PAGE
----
OK, I understand a bit better now.
The suggestion of changing the eluent system, which some people gave you straightaway, might solve the problem from a practical point of view, but I seem to gather you're more interested in explaining why this happens from a theoretical point of view.
I'm still convinced my hypothesis could be correct.
I'm not surprised NMR detects the difference between the various stereoisomers: NMR, in a way, gives you a 'picture' of the nuclei in your molecule, i.e. it goes very deep into the structure, and the local environment of the nuclei counts more than the whole molecule, in most cases.
But when you have your molecules in solution and you let them interact with silica and a solvent, it's the overall, average properties that count.
Imagine you have two diastereomers RR and RS. Their ethyl derivatives RR-Et and RS-Et are well separated as you said, because the Et group is small enough, and the intrinsic difference in properties between RR and RS prevails. Now you make derivatives with a large moiety such as menthol, that we can call M, so you get RR-M and RS-M.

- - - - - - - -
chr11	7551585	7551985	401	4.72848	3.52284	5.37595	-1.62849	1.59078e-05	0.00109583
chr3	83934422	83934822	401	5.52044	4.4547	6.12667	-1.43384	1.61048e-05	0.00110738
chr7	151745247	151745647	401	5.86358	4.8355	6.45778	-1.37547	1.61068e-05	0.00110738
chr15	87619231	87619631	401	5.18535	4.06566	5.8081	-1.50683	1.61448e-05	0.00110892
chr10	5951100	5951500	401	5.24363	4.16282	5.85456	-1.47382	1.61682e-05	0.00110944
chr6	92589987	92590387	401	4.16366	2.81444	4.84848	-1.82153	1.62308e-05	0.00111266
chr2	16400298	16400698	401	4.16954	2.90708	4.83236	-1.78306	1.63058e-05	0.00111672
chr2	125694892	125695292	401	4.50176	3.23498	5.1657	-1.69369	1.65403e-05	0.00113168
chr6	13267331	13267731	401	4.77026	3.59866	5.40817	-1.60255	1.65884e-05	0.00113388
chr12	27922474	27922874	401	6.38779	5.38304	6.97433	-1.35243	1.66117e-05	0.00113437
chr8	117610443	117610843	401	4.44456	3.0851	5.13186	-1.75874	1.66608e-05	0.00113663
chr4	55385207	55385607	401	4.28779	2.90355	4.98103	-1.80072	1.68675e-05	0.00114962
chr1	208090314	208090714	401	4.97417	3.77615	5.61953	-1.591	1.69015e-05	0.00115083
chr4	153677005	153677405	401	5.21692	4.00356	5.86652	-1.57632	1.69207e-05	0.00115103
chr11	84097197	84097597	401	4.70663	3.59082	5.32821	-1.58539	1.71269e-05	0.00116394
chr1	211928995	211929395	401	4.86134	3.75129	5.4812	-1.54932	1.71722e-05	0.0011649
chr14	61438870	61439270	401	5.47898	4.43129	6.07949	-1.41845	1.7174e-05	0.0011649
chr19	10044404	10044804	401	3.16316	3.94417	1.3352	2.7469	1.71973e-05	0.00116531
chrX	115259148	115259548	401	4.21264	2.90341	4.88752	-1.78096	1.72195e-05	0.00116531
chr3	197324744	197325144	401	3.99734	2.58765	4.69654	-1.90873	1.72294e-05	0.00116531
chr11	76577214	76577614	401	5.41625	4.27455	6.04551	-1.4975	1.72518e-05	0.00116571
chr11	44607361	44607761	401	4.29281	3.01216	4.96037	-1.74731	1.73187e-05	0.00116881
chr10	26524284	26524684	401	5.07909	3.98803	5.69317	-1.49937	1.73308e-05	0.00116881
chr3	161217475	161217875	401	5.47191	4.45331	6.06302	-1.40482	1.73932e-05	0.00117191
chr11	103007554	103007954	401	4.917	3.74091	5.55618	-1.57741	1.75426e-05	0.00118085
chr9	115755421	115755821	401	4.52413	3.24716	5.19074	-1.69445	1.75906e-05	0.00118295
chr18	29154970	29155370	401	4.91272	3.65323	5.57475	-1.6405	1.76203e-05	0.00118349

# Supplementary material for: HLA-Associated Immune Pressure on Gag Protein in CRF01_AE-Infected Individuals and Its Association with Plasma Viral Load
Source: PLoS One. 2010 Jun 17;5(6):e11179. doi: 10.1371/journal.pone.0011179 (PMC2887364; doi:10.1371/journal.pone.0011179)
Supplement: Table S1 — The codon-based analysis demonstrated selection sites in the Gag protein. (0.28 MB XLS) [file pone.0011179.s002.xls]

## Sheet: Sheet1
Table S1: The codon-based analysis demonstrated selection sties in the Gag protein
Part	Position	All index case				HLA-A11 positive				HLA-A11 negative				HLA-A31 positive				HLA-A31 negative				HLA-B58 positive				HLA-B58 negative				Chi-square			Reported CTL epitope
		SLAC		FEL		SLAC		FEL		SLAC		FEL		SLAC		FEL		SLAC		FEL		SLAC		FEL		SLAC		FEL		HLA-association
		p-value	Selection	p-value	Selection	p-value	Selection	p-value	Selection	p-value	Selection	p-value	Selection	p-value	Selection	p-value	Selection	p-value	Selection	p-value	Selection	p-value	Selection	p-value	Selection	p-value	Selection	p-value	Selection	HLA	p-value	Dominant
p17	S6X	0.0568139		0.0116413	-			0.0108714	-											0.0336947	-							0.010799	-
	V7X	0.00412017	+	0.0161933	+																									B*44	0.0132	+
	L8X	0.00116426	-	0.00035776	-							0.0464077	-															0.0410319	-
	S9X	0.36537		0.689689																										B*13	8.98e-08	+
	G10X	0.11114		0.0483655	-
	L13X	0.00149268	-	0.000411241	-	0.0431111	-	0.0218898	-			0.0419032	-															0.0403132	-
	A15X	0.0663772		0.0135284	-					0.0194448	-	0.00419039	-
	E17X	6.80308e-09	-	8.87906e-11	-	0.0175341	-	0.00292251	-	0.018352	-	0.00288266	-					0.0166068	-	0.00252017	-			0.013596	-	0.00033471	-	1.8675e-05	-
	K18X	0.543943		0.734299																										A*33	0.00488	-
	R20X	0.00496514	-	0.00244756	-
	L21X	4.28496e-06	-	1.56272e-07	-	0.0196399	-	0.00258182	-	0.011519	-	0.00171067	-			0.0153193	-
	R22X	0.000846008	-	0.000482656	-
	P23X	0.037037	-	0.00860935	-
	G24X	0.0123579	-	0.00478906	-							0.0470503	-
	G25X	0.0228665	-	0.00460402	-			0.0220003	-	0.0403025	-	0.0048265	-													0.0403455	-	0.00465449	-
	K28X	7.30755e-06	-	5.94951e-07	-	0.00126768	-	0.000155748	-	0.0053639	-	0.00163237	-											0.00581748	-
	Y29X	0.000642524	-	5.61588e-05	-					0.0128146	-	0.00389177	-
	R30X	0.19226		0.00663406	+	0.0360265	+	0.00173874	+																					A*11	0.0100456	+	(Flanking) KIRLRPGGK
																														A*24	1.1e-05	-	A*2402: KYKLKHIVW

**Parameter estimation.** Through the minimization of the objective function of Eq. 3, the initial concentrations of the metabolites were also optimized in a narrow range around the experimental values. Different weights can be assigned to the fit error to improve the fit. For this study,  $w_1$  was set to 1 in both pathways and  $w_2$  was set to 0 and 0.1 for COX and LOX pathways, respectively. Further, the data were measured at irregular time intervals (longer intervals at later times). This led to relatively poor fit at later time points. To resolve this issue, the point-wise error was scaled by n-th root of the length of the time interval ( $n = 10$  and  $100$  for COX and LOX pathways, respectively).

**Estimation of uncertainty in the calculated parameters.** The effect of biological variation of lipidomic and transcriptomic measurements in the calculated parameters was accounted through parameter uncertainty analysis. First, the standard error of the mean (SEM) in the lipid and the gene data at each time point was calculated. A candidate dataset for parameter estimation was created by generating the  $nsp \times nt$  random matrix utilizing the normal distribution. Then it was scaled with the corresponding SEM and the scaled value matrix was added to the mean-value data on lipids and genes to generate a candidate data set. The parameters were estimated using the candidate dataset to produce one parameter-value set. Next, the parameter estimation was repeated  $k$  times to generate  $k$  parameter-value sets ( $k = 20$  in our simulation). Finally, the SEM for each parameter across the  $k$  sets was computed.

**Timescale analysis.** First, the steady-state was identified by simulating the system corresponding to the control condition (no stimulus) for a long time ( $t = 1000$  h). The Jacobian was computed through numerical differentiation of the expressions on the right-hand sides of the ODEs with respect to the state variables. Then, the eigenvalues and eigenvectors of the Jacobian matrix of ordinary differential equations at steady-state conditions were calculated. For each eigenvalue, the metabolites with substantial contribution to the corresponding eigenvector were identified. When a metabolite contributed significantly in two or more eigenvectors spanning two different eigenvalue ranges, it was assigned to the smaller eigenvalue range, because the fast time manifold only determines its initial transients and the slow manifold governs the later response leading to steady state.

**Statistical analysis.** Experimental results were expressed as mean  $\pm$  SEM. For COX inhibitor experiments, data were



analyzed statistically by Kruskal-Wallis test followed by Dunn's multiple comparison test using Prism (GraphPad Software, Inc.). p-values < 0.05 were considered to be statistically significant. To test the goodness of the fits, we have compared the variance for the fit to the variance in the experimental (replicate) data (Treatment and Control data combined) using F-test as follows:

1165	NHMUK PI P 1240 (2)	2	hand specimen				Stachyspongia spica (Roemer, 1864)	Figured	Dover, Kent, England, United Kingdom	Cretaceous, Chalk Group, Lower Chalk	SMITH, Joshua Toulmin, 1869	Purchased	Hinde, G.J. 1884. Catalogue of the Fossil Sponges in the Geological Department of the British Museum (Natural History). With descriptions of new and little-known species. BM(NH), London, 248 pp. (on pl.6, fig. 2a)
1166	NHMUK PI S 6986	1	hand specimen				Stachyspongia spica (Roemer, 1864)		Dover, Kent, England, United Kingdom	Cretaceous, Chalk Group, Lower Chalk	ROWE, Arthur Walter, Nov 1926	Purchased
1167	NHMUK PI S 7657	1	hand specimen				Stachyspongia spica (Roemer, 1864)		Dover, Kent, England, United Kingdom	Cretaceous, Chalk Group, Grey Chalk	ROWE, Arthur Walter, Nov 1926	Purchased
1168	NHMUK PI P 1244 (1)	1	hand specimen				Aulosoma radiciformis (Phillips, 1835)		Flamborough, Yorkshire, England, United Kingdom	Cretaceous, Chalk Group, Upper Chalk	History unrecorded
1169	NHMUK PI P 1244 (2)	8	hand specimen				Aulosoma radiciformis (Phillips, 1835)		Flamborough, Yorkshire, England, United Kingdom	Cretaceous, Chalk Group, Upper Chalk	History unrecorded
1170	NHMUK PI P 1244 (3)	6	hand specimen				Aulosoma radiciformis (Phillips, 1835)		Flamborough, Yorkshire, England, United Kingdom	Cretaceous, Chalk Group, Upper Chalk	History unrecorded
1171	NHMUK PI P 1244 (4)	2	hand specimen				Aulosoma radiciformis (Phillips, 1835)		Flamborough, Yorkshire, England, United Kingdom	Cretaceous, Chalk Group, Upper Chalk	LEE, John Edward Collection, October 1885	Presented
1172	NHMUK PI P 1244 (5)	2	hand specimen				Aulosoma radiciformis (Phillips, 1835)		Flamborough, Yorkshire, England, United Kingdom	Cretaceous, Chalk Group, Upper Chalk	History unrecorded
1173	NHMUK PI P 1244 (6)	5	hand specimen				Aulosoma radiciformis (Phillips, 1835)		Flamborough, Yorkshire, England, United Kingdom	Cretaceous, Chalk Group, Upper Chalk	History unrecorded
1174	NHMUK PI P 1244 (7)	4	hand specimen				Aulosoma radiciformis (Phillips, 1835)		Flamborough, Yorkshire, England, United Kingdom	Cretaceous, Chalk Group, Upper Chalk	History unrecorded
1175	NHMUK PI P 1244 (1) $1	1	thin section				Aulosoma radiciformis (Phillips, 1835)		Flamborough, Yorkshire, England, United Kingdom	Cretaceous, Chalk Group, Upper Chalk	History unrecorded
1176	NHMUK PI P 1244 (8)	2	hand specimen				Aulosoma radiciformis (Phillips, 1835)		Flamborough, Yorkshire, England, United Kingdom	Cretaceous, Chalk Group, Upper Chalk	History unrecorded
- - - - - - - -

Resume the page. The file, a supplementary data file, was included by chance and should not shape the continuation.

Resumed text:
My idea is that M is so big that it overpowers the RR/RS part, so that the overall properties of either RR-M and RS-M will be more similar to M alone, making them more similar rather than more different.
Now, I know it doesn't work like this in reality, but just as an example imagine that the overall properties are proportional to molecular weight, and say that the RR moiety weighs 50. Ethyl weighs 28, whereas menthol weighs 155. So, the ethyl derivatives will weigh 78, the menthol derivatives will weigh 205.
In the ethyl case, the % of weight of your derivative that is contributed by RR is 50/78 = 64%, whereas in the menthol case it will be only 50/205 = 24%.
When you use menthol on two enantiomers, the fact that you generate asymmetry where there was symmetry is probably more powerful than these considerations.
But I might be totally wrong. This is just my hypothesis.